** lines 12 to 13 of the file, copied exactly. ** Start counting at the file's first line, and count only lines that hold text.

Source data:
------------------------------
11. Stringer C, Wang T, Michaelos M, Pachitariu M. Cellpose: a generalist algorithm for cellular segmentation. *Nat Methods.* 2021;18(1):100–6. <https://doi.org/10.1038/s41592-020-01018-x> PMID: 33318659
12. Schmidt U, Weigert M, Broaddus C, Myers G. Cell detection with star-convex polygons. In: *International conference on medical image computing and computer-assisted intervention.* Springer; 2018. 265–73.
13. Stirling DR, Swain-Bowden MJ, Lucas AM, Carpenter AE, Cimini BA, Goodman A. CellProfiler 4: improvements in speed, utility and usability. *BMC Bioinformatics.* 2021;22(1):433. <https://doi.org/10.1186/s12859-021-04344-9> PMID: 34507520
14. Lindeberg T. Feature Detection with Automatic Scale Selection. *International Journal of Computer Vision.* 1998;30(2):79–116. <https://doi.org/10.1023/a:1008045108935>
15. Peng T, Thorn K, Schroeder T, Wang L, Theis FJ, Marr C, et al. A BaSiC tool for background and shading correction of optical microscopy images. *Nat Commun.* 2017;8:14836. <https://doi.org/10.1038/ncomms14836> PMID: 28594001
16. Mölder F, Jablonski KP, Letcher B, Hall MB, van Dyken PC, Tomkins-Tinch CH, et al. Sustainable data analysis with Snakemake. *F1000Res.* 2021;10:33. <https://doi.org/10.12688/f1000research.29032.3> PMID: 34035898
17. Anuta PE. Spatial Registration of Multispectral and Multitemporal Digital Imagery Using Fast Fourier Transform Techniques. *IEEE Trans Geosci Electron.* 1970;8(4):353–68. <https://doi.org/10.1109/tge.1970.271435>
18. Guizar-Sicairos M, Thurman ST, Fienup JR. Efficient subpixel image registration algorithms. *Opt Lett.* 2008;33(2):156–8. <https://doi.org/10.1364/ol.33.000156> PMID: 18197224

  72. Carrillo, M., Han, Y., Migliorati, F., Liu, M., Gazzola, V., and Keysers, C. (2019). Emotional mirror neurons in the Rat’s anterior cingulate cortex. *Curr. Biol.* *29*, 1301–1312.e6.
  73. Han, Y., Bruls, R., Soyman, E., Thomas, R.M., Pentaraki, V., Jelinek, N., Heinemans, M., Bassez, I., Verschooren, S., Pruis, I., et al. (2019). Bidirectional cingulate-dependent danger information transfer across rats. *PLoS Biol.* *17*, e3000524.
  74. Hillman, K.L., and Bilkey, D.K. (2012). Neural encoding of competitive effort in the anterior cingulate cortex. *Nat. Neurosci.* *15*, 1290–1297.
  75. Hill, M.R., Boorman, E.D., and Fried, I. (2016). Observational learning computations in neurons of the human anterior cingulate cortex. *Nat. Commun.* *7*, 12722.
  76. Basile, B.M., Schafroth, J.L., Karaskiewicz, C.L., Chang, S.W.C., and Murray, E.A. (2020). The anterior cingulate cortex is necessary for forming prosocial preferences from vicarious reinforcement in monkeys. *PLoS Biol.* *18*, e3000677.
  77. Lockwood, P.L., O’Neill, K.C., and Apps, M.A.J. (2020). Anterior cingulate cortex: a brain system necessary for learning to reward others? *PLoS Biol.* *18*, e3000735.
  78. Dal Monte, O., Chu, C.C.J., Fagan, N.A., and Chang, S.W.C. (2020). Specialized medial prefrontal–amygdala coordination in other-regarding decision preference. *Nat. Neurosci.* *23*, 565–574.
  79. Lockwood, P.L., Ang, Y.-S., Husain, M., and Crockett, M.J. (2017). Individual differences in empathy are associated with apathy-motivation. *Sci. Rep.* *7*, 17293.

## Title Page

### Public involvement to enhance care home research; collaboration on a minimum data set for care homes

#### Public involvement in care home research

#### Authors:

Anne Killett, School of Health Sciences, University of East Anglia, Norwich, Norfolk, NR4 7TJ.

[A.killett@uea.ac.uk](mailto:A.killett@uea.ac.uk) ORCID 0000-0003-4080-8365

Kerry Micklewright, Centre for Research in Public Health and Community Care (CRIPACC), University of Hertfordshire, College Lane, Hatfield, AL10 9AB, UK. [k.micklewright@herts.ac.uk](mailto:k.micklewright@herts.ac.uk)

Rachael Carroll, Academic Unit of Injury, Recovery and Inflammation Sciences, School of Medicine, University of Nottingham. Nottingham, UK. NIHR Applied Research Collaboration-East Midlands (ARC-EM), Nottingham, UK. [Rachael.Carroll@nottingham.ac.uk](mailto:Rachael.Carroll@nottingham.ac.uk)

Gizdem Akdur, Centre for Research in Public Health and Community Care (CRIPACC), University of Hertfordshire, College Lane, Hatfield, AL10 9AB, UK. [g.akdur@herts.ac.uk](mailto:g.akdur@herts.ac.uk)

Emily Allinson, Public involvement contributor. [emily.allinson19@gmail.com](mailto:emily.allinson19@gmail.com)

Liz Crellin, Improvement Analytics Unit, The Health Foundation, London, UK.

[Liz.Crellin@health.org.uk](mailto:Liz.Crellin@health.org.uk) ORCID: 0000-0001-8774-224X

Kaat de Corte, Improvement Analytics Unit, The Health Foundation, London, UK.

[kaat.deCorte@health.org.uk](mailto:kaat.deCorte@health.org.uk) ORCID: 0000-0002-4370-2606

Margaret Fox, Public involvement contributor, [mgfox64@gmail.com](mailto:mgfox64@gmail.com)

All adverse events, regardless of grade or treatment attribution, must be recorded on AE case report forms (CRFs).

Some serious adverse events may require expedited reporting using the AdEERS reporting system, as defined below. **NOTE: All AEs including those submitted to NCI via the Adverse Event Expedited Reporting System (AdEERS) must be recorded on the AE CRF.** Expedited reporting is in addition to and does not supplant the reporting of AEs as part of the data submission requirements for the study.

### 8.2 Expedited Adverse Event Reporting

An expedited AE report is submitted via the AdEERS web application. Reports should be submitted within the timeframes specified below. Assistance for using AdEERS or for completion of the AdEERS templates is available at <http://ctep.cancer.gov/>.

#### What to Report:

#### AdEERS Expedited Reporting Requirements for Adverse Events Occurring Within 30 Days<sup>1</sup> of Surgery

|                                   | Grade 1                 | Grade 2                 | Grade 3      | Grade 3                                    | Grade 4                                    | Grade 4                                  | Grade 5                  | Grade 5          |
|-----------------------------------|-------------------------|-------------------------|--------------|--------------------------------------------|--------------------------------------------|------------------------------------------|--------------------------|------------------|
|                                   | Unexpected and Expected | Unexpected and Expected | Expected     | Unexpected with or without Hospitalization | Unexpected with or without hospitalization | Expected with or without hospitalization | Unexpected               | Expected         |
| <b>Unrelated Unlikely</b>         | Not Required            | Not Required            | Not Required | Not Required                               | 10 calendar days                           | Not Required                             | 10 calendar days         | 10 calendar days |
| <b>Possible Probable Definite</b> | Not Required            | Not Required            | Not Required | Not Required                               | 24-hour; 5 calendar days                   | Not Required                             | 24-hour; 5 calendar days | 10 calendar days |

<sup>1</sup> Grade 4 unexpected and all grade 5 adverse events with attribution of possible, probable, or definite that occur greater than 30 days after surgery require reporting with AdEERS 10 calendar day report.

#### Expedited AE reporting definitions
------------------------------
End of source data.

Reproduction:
  75. Hill, M.R., Boorman, E.D., and Fried, I. (2016). Observational learning computations in neurons of the human anterior cingulate cortex. *Nat. Commun.* *7*, 12722.
  76. Basile, B.M., Schafroth, J.L., Karaskiewicz, C.L., Chang, S.W.C., and Murray, E.A. (2020). The anterior cingulate cortex is necessary for forming prosocial preferences from vicarious reinforcement in monkeys. *PLoS Biol.* *18*, e3000677.